Saturday, February 28, 2015

Spock, Stoics, and Buddhists: A Philosophical Tribute to Leonard Nimoy

I normally don't dwell on celebrity deaths, at least no more than I dwell on the deaths of the countless other strangers who die every day.  Many people in these celebrity-crazed days seem to forget that, unless you are a celebrity or actually hang out with them, celebrities are after all strangers.  And celebrity obsession is perhaps the strangest when it comes to people who pretend to be other people for a living (i.e., actors).  Why should we care what they think or what they do?

Still, I can't help but be broken up about the death of Leonard Nimoy.

Friday, February 27, 2015

The Dress of Many Colors and Philosophical Skepticism

If you've somehow missed the biggest thing on the internet this week and yet have improbably stumbled upon my humble blog, check out this excellent description and analysis from iO9 of the dress that's breaking the internet by dividing people into gold-and-white versus black-and-blue camps.  Many people have been deeply troubled by this affair, either because they are staunchly committed to their own color perception or because they feel insecure about their own grasp on something as basic as color vision.

But I've been relatively unsurprised by the whole thing.  The senses aren't completely reliable, and I'm not particularly troubled by this fact.  This is largely because of the time I've spent thinking about philosophical skepticism.

Sunday, February 22, 2015

Review of Nova by Samuel R. Delany

I've enjoyed some of Delany's later, more experimental books (such as Dhalgren and Triton, aka, The Trouble on Triton), but I had yet to read one of his earlier works.  Nova's greatness lies in the fact that you can see Delany's literary genius at work, but you also get a more conventional plot that sits within and yet expands many space opera tropes.  It's all the more impressive that Delany wrote this in his mid-20's.  See my Goodreads review and a helpful Wikipedia entry for more.

Monday, February 16, 2015

Review of Dark Matter: A Century of Speculative Fiction from the African Diaspora (edited by Sheree R. Thomas)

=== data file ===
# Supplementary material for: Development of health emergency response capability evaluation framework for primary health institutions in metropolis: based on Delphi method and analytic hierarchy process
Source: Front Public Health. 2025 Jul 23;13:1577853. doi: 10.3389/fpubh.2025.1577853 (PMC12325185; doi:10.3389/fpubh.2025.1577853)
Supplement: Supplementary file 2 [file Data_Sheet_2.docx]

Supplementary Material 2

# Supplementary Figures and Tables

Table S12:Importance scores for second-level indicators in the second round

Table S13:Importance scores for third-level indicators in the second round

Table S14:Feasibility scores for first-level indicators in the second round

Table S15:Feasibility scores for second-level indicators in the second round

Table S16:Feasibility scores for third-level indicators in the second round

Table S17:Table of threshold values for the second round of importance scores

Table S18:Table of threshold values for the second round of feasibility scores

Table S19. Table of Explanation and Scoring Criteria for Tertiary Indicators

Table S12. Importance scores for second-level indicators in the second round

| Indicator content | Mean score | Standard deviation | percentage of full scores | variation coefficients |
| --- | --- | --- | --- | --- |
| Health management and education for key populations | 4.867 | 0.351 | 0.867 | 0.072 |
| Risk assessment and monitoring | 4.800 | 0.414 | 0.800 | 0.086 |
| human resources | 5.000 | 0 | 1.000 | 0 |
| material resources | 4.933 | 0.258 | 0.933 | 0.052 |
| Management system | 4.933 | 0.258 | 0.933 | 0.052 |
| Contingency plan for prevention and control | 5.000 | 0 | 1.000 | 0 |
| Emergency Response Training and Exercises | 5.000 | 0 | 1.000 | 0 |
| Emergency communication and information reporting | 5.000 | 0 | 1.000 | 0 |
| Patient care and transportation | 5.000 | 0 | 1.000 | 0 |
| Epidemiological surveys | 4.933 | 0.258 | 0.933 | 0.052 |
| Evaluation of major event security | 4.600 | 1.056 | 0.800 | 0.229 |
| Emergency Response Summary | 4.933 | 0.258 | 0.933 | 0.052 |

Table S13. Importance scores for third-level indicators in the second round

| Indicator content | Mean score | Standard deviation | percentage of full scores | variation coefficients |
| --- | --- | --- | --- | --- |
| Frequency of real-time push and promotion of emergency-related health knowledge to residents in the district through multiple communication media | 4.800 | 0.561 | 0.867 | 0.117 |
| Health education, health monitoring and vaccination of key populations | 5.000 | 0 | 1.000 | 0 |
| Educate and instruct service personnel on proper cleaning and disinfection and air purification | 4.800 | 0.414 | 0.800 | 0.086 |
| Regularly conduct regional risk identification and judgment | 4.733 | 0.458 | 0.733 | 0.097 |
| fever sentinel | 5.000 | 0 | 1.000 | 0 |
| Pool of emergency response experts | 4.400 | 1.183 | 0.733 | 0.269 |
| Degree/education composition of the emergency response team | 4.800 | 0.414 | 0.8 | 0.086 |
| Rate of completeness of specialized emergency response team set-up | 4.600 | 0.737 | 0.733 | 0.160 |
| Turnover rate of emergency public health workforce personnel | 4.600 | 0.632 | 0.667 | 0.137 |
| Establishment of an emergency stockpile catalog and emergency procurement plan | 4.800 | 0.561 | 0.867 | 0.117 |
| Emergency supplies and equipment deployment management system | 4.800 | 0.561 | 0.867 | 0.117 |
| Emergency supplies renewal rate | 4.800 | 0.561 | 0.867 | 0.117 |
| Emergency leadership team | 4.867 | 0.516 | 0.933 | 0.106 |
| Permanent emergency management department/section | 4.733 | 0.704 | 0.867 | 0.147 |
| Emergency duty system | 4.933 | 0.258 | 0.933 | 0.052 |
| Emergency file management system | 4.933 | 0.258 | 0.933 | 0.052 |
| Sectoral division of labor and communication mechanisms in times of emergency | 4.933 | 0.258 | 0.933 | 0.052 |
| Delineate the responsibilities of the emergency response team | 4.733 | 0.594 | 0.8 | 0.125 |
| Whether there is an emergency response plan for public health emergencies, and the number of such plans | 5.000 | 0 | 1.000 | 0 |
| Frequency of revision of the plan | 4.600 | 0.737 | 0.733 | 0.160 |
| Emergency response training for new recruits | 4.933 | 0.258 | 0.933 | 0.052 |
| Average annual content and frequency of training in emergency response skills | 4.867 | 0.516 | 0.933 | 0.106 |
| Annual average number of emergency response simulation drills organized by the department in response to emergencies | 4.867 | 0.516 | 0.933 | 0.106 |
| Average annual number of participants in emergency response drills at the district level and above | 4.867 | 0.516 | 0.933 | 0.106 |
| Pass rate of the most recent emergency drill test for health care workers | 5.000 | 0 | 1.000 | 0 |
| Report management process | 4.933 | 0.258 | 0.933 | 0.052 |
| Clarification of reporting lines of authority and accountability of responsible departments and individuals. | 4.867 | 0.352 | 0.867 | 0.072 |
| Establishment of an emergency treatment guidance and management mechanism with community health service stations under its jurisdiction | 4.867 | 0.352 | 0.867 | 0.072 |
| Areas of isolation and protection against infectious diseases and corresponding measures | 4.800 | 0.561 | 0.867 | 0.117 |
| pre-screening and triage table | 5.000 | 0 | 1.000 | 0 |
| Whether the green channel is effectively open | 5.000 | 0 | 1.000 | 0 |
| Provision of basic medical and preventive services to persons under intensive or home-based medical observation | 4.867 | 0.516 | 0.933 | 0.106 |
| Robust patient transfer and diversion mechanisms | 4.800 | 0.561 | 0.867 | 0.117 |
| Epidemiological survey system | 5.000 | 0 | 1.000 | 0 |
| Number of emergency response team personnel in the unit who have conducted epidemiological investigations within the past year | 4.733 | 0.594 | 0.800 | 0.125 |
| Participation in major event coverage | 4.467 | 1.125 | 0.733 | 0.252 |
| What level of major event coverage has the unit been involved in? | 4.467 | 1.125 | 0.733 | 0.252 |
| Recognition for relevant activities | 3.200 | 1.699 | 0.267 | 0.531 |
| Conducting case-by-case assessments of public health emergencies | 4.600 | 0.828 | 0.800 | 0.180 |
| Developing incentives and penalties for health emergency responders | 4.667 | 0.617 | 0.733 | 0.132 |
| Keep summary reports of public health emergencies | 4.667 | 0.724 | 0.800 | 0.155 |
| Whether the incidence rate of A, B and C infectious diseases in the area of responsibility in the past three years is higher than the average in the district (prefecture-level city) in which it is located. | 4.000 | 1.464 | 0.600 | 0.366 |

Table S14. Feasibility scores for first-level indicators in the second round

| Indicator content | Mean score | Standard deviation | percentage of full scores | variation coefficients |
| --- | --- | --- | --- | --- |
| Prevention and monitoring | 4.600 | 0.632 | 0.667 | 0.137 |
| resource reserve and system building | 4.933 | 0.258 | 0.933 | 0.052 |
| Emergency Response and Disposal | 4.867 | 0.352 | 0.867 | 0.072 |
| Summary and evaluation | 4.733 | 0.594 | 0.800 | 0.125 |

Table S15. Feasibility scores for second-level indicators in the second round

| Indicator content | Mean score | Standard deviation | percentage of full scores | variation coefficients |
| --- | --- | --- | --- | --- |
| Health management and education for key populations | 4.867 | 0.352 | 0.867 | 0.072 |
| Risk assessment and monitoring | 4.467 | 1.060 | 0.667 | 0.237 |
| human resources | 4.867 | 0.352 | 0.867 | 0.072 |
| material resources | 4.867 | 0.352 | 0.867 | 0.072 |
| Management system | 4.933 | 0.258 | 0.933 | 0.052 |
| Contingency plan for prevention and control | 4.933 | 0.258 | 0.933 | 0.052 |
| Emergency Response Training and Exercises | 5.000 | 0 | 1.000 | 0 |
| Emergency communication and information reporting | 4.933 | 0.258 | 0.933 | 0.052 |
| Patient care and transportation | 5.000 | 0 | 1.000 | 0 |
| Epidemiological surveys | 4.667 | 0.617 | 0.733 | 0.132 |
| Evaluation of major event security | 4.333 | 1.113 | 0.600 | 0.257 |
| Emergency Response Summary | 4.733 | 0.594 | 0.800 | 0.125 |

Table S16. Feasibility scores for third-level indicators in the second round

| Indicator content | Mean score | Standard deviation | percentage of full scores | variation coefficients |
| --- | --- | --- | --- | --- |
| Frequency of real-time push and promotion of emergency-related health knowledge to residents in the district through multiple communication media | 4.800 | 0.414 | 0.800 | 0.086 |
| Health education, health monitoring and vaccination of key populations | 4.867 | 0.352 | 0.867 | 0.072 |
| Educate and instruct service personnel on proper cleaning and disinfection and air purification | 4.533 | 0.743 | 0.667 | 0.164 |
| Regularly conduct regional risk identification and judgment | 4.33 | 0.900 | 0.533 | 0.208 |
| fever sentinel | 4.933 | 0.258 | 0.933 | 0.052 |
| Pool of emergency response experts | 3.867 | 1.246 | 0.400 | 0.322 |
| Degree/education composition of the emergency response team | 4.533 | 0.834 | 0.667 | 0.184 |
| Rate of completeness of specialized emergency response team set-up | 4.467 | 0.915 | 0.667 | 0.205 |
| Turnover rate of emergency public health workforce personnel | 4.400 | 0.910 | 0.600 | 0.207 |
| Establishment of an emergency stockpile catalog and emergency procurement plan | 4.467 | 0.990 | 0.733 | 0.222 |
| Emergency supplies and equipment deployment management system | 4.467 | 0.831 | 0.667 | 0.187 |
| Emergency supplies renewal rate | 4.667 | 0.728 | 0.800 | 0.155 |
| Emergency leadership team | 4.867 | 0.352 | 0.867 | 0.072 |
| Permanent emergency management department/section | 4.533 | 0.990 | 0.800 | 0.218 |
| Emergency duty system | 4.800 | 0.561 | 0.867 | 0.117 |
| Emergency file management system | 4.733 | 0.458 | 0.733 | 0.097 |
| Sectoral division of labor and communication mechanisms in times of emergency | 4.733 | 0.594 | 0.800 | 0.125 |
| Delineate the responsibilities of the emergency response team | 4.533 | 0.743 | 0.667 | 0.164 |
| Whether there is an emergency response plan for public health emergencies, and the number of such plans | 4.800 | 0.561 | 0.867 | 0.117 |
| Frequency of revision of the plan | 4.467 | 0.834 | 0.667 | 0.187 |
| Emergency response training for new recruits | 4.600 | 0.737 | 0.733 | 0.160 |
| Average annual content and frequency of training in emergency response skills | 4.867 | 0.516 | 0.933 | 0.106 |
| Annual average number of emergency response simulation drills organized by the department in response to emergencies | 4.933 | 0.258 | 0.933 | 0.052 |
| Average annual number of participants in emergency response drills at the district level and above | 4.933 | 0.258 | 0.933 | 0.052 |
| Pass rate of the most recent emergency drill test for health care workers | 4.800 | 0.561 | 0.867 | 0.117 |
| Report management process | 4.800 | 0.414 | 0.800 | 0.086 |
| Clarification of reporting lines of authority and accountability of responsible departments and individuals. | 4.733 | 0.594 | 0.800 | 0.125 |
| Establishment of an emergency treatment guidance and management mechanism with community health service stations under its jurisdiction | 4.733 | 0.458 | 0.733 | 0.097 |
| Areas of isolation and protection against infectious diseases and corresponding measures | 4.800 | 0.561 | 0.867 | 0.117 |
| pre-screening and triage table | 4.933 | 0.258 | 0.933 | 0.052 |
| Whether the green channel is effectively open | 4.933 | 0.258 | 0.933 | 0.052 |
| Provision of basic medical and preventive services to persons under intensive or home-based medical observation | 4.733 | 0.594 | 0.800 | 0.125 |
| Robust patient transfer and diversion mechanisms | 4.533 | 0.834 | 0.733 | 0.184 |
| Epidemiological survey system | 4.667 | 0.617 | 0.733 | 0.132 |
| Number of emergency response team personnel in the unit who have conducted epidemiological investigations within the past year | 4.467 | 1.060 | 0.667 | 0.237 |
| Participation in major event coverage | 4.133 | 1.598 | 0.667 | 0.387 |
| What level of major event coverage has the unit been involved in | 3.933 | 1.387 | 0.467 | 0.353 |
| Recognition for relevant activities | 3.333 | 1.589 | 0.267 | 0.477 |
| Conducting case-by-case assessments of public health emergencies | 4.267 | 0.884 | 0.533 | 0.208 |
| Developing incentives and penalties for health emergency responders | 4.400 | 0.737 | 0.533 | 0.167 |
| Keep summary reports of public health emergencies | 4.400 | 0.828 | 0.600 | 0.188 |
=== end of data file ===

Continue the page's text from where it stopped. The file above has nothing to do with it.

I figured reading this was a good way for a science fiction nerd to celebrate Black History Month.  I've been wanting to read this for a long time, and I'm glad I finally did.  This anthology features superstars like Samuel Delany and Octavia Butler as well as other established authors such as Nalo Hopkinson and Stephen Barnes.  There are also a few authors not normally known for science fiction like W.E.B. Du Bois and Amiri Baraka.  I was also pleased to see a lot of names I wasn't familiar with before.

For more on the specific stories and essays, see my Goodreads review.

Sunday, February 15, 2015

Cosmology and Culture: A Beginningless Universe?

According to a recent article, some physicists have developed a theory that would provide an alternative to the Big Bang theory (the actual theory, not the bland, unfunny TV show). According to this theory, the universe is beginningless (i.e., it has always existed), whereas according to the Big Bang theory the universe came into existence roughly 13.8 billion years ago. The Big Bang itself is supposed to have been a tiny singularity that could not have made a sound, so oddly enough it was neither big nor a bang – I guess a catchy name never hurts, though, even in science.

I can't claim to follow all of the details of the physics involved. As an outside observer, however, I do think it's interesting that at least three of the physicists mentioned in the article in conjunction with this theory (Das, Raychaudhuri, and Bhaduri) are Indian or at least have Indian names. The Big Bang makes sense in cultures dominated by Abrahamic views of creation found in the Bible and the Qur'an, whereas a beginningless universe was not an uncommon idea in classical India.

Sunday, February 8, 2015

Jupiter Ascending: A Defense

The Wachowskis' latest effort, Jupiter Ascending, has gotten mostly bad reviews (23% on Rotten Tomatoes).  Still, I've been excited about this movie ever since spring 2014 when it was supposed to be released in summer 2014.  A full-fledged space opera with a big budget for special effects that's not based on a comic book or existing franchise with the Wachowskis at the helm?  Sign me up!

Then I read somewhere that Warner Brothers was pushing back the release date, maybe to avoid summer embarrassment.  And then the reviews started coming in.  All of this lowered my expectations, but my hope was undimmed.

I finally saw it yesterday.  I didn't think it was as terrible as everyone was saying.  In fact, there's a lot to be said for it.  I liked the few positive reviews I've read ("Go See Jupiter Ascending Even If It's Stupid" and "Oh, No, I Really Liked Jupiter Ascending").  Still, I wanted to add my own defense.

Wednesday, February 4, 2015

Review of Ancillary Justice by Ann Leckie

I didn't like this nearly as much as I thought I would.  Not only did it win the Hugo and the Nebula for 2014, but a few things I read here and there made it sound like a mixture of two of my favorites: Ursula LeGuin and Iain M. Banks.  Sadly, for me it failed to live up to the hype.  Maybe I set my expectations too high.

For more on the book, see my Goodreads review.  In the interest of fractured identities, here's my Amazon review as well.

Sunday, February 1, 2015

Aliens are Everywhere (A Post-ChattaCon Thought)

This weekend I attended ChattaCon, a science fiction/fantasy/horror convention here in Chattanooga, TN.  It’s a really nice smaller convention.  I recommend it if you want a good excuse to come to Chattanooga in late January.